Thanks to Axel and Gudren V Slick now has 215 watts of solar and so far it has exceed expectations. I really should have put this on sooner. Soon after the installation though, we left Fiji for Vanuatu. It was sad to leave Baten Anna behind, but that is the nature or traveling, you make good friends and eventually you part ways.

We landed in Port Resolution on Tanna after a slow sail from Fiji. There was a constant squall line that moved about the same speed as we did, so we got it everyday. The first day we could see water spouts and did our best to avoid getting into the weather. My new crew, Joep, was also properly initiated by puking his first day out, but now he is better. The sailing was slow and boring and there was too much wave action to put up the kite and so it took a day longer than I would have liked. In one of the run-ins with the squalls though, we did get a refreshing 38 knots, instantly up from about 5, luckily we were motoring so there wasn’t too much canvas up.

Vanuatu is, so far, quite an incredible place. The village in Port Resolution was beautiful and relaxed. You could see the eruption clouds and steam vents on the opposite side of the bay, adding to the mystery. Fishermen in very authentic dugout canoes gathered everyday to fish, although we never saw them catch a thing. They would bring out their phones and DVD players for us to charge as electricity in the village has been absent for years. It is interesting to watch traditional villagers interact with modern technology, one could probably write an anthropology thesis on just this. Whoever installed the power producing technology, such as solar panels, failed to teach the locals anything about it, so now it is all broken. In one instance, the panels were mounted directly behind the football goal and had cracks in them from too many shots. We were asked to take a look at them and found the obvious right away, but the villagers really didn’t believe the modern marvel of electricity could be defeated by a simple soccer ball.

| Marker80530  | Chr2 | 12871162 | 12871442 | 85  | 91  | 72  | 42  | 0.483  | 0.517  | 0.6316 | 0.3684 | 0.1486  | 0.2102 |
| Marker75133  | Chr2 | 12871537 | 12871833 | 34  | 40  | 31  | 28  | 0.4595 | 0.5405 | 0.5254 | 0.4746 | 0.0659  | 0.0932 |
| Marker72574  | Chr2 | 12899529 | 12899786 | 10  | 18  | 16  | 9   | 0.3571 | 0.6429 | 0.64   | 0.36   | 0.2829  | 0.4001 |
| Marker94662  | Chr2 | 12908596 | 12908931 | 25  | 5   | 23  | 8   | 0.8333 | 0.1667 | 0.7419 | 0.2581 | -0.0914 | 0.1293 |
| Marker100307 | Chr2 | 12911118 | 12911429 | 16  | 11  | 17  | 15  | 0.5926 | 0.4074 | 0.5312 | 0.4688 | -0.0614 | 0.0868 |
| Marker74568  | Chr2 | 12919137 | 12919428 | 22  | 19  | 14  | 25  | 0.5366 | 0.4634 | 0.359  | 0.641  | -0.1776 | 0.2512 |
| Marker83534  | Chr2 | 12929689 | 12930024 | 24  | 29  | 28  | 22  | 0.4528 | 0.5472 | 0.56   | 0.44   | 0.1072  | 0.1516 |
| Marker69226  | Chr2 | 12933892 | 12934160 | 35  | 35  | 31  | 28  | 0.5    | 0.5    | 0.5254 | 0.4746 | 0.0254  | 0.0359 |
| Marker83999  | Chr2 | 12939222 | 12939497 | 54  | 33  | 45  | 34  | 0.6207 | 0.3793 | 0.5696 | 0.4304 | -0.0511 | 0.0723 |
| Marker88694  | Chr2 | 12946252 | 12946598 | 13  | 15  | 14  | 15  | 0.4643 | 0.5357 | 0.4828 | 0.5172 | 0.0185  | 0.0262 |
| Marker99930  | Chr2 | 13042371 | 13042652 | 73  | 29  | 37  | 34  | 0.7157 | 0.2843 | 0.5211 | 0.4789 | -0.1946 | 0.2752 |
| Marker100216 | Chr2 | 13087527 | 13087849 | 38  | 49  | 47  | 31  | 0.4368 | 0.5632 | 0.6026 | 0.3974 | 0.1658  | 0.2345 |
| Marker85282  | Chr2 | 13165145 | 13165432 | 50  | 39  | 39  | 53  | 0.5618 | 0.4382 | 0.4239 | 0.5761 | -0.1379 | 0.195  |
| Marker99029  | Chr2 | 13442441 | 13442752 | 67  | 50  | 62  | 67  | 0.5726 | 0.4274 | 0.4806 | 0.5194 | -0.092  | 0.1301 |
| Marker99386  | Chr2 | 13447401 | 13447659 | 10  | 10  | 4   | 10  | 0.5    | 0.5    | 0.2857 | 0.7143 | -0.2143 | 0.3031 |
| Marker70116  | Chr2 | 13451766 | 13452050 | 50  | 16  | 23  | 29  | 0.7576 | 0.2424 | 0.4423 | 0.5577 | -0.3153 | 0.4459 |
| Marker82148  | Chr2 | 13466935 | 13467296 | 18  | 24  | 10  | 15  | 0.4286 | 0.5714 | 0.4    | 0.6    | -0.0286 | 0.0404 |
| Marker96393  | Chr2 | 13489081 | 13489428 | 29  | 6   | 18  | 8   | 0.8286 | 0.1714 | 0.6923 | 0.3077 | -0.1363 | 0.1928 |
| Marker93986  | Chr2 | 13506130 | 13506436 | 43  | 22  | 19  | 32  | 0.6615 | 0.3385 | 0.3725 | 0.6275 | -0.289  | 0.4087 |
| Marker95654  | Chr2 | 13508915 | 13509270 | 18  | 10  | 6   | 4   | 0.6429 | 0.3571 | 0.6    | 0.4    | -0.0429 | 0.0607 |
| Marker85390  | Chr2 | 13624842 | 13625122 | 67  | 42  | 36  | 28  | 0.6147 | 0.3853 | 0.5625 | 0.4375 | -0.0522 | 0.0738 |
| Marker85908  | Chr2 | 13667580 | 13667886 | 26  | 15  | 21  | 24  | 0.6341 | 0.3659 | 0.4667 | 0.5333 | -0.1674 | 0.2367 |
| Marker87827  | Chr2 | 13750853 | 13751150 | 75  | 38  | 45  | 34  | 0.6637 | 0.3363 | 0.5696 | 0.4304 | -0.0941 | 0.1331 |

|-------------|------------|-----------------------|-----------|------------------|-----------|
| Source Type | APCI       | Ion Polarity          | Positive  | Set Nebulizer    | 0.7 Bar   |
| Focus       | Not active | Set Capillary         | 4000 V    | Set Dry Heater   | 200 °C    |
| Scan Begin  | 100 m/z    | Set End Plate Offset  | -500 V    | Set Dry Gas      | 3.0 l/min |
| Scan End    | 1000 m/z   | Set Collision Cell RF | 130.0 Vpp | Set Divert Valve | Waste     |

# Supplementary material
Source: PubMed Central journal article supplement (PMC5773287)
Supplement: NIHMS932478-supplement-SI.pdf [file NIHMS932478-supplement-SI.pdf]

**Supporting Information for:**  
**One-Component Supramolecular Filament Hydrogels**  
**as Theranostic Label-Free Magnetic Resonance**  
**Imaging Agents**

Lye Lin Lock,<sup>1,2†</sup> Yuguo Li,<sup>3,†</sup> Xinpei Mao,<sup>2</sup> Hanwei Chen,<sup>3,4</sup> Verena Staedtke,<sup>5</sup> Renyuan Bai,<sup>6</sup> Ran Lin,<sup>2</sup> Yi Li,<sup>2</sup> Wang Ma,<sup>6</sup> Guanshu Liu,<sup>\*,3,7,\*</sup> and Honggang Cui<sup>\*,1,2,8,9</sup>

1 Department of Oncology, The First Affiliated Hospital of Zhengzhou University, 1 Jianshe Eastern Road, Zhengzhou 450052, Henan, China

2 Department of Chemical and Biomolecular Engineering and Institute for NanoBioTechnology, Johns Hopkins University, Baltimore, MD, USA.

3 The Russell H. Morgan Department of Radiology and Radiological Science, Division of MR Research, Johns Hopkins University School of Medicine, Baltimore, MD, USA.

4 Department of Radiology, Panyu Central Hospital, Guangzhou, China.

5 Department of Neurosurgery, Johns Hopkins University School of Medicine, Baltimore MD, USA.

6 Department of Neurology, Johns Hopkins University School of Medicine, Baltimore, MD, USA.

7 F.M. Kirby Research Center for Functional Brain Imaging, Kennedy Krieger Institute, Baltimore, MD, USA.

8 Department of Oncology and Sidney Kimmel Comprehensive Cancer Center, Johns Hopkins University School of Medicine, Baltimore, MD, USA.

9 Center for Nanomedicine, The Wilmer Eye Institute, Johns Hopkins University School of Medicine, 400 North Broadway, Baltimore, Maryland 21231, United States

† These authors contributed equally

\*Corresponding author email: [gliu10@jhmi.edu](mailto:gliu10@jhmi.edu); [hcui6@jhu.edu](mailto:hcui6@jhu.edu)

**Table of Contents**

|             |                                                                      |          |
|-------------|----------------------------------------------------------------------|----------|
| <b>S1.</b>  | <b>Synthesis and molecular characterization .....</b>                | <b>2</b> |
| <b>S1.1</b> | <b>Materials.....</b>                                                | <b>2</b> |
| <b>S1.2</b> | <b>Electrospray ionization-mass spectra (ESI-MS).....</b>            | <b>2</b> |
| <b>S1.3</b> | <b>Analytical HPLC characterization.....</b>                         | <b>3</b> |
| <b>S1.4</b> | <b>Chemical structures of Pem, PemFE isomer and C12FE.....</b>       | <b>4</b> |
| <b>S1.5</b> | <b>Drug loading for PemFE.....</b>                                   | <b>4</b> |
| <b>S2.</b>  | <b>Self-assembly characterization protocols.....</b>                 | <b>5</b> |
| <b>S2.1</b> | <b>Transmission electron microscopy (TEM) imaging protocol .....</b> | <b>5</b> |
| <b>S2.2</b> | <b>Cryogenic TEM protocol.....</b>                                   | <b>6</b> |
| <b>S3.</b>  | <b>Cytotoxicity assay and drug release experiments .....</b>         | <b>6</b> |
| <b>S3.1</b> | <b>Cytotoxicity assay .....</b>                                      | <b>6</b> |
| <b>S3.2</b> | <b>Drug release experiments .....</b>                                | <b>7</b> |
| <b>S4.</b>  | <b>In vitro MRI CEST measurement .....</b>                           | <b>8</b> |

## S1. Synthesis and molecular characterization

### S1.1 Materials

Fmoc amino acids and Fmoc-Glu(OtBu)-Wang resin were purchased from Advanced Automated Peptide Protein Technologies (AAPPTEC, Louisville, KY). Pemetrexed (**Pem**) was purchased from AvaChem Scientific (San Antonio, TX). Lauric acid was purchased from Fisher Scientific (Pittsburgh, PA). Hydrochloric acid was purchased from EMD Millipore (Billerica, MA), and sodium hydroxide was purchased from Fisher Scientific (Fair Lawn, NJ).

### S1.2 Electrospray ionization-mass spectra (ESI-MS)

The people of Vanuatu so far have been very kind, although a bit daft. Sometimes when you talk to them, they run out of words or even worse, don’t have a response and so just say yes to everything, meaning you have no idea what you just negotiated. This isn’t due to not speaking English either, as they do. They also speak a local dialect similar to a pigdin English, called Bislama, that is quite humorous, but in a good way. Once you understand what the changes are, you can read it and understand most of it just fine. While in Port Resolution, we also toured the school, where the children seemed excited to learn but kept the classroom in a chaotic state. We gave them paper and pencils as they had very little supplies.